About 10 years into our retirement, we found ourselves living more and more time in foreign countries, and as life would have it, we ended up getting medical attention in places other than the US. This care covered the gamut from annual checkups, dental care, emergency treatments, colonoscopies, eye care, x-rays and more. Not only was the health care done with up-to-speed medical equipment, but the doctors themselves were very compassionate and human. Often, they gave us their home cell numbers in case we had a problem or they would visit our apartments at odd hours if we needed attention.
We began discussing what experienced travelers call “Going Naked.” This means going without full bells-and-whistles US-based health care. We decided to take the leap, and we dropped our Stateside healthcare plan, opting for travel insurance when we visited the States. For other needs, we simply paid out of pocket for services. The thousands of dollars we used to spend for our insurance plan in the States more than covered these medical needs and we had money left over for our own designed HSA. This was our health care plan until we qualified for Medicare when we reached 65.
AOC: We try not to dwell on the past but it’s interesting to think about what we would do differently if we could change the past. If you could go back in time is there anything you would do differently?
REL: Yes. We would not have purchased our home and instead, kept our investments. We were in our early 30’s when we purchased our “dream home” – a quarter of a mile from the ocean, lots of sun, a 900 square foot redwood deck, hot tub, French doors, designer tile and a large garden-filled yard. We sold our Exxon stock to purchase this home, which we both loved. But looking back, we saw that:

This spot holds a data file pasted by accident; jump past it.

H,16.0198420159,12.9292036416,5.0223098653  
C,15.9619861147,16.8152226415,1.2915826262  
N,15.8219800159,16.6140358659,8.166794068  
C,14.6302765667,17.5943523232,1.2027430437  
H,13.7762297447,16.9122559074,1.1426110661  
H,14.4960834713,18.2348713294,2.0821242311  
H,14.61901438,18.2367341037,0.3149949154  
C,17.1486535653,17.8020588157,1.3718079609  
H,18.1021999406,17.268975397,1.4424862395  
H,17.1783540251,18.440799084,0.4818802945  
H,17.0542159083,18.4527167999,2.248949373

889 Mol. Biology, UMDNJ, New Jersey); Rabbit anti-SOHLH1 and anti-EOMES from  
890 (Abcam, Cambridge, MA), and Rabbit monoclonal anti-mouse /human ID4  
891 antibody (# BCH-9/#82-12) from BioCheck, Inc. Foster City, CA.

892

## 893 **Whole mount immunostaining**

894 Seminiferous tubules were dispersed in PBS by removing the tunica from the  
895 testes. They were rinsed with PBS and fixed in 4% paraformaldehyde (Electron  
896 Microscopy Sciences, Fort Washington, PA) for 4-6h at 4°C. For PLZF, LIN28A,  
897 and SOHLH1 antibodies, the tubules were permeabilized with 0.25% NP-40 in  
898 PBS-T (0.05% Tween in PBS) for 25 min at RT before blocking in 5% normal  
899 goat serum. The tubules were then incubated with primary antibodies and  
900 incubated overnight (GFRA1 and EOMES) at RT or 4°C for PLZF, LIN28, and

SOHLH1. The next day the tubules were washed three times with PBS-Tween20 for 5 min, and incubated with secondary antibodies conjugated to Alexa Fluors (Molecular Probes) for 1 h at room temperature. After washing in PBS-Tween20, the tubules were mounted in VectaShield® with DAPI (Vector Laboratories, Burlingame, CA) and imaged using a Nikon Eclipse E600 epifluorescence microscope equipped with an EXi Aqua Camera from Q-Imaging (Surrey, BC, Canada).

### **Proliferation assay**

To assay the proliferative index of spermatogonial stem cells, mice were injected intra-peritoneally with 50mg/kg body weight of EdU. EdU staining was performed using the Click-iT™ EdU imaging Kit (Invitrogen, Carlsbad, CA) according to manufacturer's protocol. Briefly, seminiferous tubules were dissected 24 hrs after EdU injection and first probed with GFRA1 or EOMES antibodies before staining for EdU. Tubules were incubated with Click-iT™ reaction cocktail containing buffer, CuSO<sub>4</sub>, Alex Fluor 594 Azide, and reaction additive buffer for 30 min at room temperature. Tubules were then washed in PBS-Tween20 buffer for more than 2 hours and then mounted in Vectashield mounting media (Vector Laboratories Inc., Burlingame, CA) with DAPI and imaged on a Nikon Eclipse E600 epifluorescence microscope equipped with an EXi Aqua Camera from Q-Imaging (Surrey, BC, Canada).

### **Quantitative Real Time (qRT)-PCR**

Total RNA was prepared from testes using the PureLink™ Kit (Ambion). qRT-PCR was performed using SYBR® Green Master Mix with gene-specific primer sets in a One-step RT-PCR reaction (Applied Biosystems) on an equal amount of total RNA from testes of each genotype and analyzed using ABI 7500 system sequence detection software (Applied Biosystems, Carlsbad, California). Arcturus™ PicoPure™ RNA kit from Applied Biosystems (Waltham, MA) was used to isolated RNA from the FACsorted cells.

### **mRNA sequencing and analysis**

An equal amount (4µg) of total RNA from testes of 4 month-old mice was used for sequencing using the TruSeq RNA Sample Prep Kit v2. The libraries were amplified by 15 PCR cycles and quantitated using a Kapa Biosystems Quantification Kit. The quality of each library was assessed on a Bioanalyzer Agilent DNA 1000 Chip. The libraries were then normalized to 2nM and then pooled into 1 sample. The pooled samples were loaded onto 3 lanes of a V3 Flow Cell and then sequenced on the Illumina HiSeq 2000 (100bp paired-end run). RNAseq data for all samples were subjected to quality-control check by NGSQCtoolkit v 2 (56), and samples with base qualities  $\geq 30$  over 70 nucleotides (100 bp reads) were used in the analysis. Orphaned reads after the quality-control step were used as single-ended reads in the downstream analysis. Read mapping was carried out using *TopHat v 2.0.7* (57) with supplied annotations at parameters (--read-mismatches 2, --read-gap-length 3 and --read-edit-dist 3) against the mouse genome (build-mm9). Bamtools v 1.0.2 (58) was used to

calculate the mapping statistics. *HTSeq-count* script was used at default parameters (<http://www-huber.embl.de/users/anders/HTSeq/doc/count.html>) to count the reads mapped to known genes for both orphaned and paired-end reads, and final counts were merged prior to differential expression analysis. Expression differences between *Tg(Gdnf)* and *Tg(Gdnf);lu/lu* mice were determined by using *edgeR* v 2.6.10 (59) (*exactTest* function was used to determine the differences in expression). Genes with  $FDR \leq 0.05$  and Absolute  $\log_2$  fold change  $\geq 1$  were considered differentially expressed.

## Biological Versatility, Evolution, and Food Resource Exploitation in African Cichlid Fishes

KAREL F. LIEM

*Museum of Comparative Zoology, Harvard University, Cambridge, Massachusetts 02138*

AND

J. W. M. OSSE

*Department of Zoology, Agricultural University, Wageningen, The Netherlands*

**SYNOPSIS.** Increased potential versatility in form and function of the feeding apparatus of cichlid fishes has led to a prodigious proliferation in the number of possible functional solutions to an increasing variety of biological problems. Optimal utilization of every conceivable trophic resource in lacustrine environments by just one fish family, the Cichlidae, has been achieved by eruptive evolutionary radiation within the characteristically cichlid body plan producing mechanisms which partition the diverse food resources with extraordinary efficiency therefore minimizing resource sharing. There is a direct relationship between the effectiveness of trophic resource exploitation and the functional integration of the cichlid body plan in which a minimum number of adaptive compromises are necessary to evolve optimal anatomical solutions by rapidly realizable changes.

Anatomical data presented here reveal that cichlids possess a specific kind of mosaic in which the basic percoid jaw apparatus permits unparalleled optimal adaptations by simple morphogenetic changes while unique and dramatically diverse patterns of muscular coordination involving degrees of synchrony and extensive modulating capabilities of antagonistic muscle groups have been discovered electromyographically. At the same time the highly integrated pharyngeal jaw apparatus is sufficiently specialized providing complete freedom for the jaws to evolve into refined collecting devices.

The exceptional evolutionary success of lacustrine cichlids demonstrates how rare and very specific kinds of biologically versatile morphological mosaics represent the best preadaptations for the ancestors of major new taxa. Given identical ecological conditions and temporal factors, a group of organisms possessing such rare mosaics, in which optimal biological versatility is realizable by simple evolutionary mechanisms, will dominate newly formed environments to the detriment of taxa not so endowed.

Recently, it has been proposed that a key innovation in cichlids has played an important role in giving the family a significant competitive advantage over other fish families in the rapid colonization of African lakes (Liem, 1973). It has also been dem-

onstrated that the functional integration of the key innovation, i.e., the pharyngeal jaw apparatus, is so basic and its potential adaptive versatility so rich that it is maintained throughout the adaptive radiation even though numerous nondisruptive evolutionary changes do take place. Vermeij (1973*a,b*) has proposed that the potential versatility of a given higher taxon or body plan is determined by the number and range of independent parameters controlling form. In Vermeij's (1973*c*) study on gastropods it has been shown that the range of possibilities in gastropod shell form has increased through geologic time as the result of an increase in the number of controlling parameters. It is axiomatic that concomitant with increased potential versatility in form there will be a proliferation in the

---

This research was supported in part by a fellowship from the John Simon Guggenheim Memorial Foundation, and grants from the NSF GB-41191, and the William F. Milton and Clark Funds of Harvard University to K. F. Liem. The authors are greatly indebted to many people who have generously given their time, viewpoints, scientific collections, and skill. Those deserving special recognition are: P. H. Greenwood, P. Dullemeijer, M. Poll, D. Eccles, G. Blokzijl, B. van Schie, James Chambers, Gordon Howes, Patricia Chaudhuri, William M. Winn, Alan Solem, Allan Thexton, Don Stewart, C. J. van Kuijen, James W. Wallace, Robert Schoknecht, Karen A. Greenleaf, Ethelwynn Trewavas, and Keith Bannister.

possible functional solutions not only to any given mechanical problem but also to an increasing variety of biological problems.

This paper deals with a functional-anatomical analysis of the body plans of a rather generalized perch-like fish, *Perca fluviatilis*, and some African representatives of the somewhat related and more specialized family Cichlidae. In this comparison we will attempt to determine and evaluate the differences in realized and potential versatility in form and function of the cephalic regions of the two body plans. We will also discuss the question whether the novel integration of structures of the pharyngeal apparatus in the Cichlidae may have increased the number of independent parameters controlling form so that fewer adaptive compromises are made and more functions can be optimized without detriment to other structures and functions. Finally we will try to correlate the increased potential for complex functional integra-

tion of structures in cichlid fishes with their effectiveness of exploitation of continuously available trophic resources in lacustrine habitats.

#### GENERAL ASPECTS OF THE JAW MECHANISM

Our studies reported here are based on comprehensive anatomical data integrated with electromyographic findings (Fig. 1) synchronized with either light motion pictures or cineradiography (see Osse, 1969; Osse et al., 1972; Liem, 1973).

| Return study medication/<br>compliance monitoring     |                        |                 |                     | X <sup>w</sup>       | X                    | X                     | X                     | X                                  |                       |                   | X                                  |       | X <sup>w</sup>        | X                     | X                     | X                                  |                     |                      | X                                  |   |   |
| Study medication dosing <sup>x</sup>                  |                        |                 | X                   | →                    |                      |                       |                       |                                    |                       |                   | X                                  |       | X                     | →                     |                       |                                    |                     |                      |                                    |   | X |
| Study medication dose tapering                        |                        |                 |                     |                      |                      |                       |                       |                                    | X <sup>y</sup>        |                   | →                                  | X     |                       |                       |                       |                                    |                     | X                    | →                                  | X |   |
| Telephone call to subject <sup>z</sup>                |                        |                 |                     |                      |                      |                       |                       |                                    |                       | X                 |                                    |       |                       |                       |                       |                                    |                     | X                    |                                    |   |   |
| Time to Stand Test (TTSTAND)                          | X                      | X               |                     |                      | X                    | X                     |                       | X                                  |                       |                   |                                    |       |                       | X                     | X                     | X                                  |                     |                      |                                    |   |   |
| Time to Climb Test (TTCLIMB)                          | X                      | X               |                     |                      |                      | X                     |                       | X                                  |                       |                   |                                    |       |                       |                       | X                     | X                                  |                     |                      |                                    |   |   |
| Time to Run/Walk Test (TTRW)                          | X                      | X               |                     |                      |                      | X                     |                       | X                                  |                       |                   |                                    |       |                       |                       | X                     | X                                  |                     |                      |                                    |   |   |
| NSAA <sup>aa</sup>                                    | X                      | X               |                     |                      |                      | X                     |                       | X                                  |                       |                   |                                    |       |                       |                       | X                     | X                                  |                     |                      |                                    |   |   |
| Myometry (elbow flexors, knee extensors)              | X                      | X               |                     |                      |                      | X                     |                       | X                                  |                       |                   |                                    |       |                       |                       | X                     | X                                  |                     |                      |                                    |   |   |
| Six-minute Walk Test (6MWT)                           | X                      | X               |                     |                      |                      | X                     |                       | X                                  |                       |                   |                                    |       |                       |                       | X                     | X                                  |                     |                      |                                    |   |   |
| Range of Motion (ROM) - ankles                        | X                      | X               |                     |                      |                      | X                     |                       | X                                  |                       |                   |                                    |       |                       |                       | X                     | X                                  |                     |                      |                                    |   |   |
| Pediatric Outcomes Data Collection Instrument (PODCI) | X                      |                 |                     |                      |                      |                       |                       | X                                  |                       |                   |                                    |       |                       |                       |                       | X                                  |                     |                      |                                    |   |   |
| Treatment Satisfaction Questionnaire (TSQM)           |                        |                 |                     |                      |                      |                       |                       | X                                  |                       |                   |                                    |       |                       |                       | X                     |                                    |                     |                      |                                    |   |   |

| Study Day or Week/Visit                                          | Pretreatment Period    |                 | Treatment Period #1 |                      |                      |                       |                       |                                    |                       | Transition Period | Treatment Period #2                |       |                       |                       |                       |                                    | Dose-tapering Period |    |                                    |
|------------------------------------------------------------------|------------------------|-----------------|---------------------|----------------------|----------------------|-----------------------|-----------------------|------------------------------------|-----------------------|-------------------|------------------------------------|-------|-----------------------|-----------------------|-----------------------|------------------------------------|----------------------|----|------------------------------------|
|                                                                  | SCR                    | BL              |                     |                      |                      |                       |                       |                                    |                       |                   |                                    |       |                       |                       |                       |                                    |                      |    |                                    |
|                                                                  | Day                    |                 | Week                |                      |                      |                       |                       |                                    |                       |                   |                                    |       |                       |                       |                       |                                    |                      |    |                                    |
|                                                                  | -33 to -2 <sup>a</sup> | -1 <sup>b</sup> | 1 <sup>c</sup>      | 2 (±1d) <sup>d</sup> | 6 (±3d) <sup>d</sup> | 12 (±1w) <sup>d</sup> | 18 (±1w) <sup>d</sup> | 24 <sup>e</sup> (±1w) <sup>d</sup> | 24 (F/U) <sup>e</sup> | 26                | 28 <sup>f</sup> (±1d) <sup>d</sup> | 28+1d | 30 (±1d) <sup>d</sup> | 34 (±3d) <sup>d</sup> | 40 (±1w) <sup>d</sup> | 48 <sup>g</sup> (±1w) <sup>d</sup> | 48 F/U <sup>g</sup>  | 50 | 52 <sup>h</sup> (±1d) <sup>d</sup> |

- The Exxon stock way outperformed the real-estate gain of the house and we would have done better financially had we kept the stock and not purchased the home.
- We realized that we simply were following the programming of what young couples do. At a certain stage, they buy a home. It was expected, it was what all our friends were doing, it was encouraged. We bought new cars, had expensive vacations, and entertained lavishly. There really were no other emotional or financial options in our personal world at that time.
- We were working 80-hour work weeks, and with that many hours away at our careers, we actually spent very little time at our Shangri-La. So looking back… we wish we knew then what we now know.
AOC: If the Covid pandemic taught us anything it’s that we can’t predict the future, but we still love to plan ahead. Where do you see yourselves in five years?
REL: Hopefully still upright. The future is not promised to anyone, and we can be living our lives going along without a care in the world and BAM! A spouse becomes ill, there can be an accident, or something comes in from left field. We cannot control all these things, so we take the idea of living life as fully as we can, here where we are, making the most of opportunities and our time together. As we mentioned, we like having an open calendar with the freedom to move those little day-squares around. We don’t mind if they are full or empty, but we want to be the ones in charge of them.
AOC: Your lifestyle of spending part of your time in the USA and part of your time in other countries really appeals to us. What do you love most about spending time in other countries?
REL: The personal freedom. We have found in many of the countries we enjoy visiting, there appears to be more openness, and not so many rules, regulations and restrictions. People seem very friendly, open to engagement, and willing to laugh and smile. Cynicism, suspicion, distrust and personal coldness don’t seem to be the first response to strangers. This appeals to us greatly. Of course, since we are foodies and long-term travelers, we enjoy the cuisines of these foreign countries, and their affordable cost of living as well.
AOC: What’s your favorite type of personal giving and why?